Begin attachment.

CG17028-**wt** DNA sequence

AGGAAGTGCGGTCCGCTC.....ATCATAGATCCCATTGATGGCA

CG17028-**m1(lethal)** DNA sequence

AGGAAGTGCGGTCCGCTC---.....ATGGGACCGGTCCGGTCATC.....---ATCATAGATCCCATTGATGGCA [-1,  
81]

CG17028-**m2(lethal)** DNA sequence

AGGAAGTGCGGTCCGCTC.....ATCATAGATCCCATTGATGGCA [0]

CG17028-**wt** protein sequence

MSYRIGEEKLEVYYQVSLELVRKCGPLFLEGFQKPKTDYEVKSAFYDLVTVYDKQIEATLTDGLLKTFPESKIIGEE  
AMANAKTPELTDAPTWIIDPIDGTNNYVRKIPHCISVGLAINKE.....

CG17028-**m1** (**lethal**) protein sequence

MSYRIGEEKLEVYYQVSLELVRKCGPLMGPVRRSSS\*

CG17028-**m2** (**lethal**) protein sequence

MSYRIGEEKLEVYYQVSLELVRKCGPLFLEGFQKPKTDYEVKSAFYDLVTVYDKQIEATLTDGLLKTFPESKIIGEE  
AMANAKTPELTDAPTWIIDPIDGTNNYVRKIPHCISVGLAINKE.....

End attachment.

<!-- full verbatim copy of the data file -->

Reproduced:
CG17028-**wt** DNA sequence

AGGAAGTGCGGTCCGCTC.....ATCATAGATCCCATTGATGGCA

CG17028-**m1(lethal)** DNA sequence

AGGAAGTGCGGTCCGCTC---.....ATGGGACCGGTCCGGTCATC.....---ATCATAGATCCCATTGATGGCA [-1,  
81]

CG17028-**m2(lethal)** DNA sequence

AGGAAGTGCGGTCCGCTC.....ATCATAGATCCCATTGATGGCA [0]

CG17028-**wt** protein sequence

MSYRIGEEKLEVYYQVSLELVRKCGPLFLEGFQKPKTDYEVKSAFYDLVTVYDKQIEATLTDGLLKTFPESKIIGEE  
AMANAKTPELTDAPTWIIDPIDGTNNYVRKIPHCISVGLAINKE.....

CG17028-**m1** (**lethal**) protein sequence

MSYRIGEEKLEVYYQVSLELVRKCGPLMGPVRRSSS\*

CG17028-**m2** (**lethal**) protein sequence

MSYRIGEEKLEVYYQVSLELVRKCGPLFLEGFQKPKTDYEVKSAFYDLVTVYDKQIEATLTDGLLKTFPESKIIGEE  
AMANAKTPELTDAPTWIIDPIDGTNNYVRKIPHCISVGLAINKE.....